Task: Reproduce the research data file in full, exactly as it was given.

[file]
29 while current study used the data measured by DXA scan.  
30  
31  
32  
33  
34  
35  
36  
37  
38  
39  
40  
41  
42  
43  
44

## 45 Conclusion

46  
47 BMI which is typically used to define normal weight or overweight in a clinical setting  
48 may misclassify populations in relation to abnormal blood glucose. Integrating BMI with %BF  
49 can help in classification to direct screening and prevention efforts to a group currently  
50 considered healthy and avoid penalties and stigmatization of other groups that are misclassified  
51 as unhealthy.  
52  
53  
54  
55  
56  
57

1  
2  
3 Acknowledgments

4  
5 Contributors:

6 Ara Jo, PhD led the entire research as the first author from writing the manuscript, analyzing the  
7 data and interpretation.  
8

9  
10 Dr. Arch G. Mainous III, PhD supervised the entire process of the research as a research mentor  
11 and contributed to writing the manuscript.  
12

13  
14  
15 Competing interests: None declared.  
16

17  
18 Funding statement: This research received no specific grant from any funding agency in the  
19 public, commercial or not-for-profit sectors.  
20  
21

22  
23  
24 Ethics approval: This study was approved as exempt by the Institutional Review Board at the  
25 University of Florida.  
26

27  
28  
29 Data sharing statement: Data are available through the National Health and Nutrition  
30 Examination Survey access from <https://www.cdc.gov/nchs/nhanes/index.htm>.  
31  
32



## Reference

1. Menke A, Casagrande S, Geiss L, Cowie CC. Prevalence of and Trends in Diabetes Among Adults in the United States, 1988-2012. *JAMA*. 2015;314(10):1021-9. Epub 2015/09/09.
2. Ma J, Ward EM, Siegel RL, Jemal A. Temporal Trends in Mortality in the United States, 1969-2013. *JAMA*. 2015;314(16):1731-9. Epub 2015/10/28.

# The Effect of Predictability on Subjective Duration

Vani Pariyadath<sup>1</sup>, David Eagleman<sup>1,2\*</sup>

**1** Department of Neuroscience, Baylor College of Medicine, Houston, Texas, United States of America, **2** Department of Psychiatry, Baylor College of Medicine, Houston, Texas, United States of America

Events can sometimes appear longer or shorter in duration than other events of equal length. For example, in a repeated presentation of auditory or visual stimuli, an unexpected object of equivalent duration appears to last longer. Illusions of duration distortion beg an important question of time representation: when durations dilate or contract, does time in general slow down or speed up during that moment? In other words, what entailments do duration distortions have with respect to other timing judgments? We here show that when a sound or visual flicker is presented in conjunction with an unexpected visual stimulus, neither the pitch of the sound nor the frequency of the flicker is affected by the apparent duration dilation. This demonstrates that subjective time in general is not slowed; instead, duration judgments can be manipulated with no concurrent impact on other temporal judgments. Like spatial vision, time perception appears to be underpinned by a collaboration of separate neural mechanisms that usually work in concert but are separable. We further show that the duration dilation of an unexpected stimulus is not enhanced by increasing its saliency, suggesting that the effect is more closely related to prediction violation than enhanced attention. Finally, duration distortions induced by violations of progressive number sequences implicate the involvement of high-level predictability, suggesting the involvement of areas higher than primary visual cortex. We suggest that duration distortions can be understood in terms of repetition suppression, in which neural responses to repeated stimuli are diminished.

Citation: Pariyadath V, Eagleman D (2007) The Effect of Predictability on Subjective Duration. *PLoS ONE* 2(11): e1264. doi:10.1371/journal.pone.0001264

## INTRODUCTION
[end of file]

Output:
29 while current study used the data measured by DXA scan.  
30  
31  
32  
33  
34  
35  
36  
37  
38  
39  
40  
41  
42  
43  
44

## 45 Conclusion

46  
47 BMI which is typically used to define normal weight or overweight in a clinical setting  
48 may misclassify populations in relation to abnormal blood glucose. Integrating BMI with %BF  
49 can help in classification to direct screening and prevention efforts to a group currently  
50 considered healthy and avoid penalties and stigmatization of other groups that are misclassified  
51 as unhealthy.  
52  
53  
54  
55  
56  
57

1  
2  
3 Acknowledgments

4  
5 Contributors:

6 Ara Jo, PhD led the entire research as the first author from writing the manuscript, analyzing the  
7 data and interpretation.  
8

9  
10 Dr. Arch G. Mainous III, PhD supervised the entire process of the research as a research mentor  
11 and contributed to writing the manuscript.  
12

13  
14  
15 Competing interests: None declared.  
16

17  
18 Funding statement: This research received no specific grant from any funding agency in the  
19 public, commercial or not-for-profit sectors.  
20  
21

22  
23  
24 Ethics approval: This study was approved as exempt by the Institutional Review Board at the  
25 University of Florida.  
26

27  
28  
29 Data sharing statement: Data are available through the National Health and Nutrition  
30 Examination Survey access from <https://www.cdc.gov/nchs/nhanes/index.htm>.  
31  
32



## Reference

1. Menke A, Casagrande S, Geiss L, Cowie CC. Prevalence of and Trends in Diabetes Among Adults in the United States, 1988-2012. *JAMA*. 2015;314(10):1021-9. Epub 2015/09/09.
2. Ma J, Ward EM, Siegel RL, Jemal A. Temporal Trends in Mortality in the United States, 1969-2013. *JAMA*. 2015;314(16):1731-9. Epub 2015/10/28.

# The Effect of Predictability on Subjective Duration

Vani Pariyadath<sup>1</sup>, David Eagleman<sup>1,2\*</sup>

**1** Department of Neuroscience, Baylor College of Medicine, Houston, Texas, United States of America, **2** Department of Psychiatry, Baylor College of Medicine, Houston, Texas, United States of America

Events can sometimes appear longer or shorter in duration than other events of equal length. For example, in a repeated presentation of auditory or visual stimuli, an unexpected object of equivalent duration appears to last longer. Illusions of duration distortion beg an important question of time representation: when durations dilate or contract, does time in general slow down or speed up during that moment? In other words, what entailments do duration distortions have with respect to other timing judgments? We here show that when a sound or visual flicker is presented in conjunction with an unexpected visual stimulus, neither the pitch of the sound nor the frequency of the flicker is affected by the apparent duration dilation. This demonstrates that subjective time in general is not slowed; instead, duration judgments can be manipulated with no concurrent impact on other temporal judgments. Like spatial vision, time perception appears to be underpinned by a collaboration of separate neural mechanisms that usually work in concert but are separable. We further show that the duration dilation of an unexpected stimulus is not enhanced by increasing its saliency, suggesting that the effect is more closely related to prediction violation than enhanced attention. Finally, duration distortions induced by violations of progressive number sequences implicate the involvement of high-level predictability, suggesting the involvement of areas higher than primary visual cortex. We suggest that duration distortions can be understood in terms of repetition suppression, in which neural responses to repeated stimuli are diminished.

Citation: Pariyadath V, Eagleman D (2007) The Effect of Predictability on Subjective Duration. *PLoS ONE* 2(11): e1264. doi:10.1371/journal.pone.0001264

## INTRODUCTION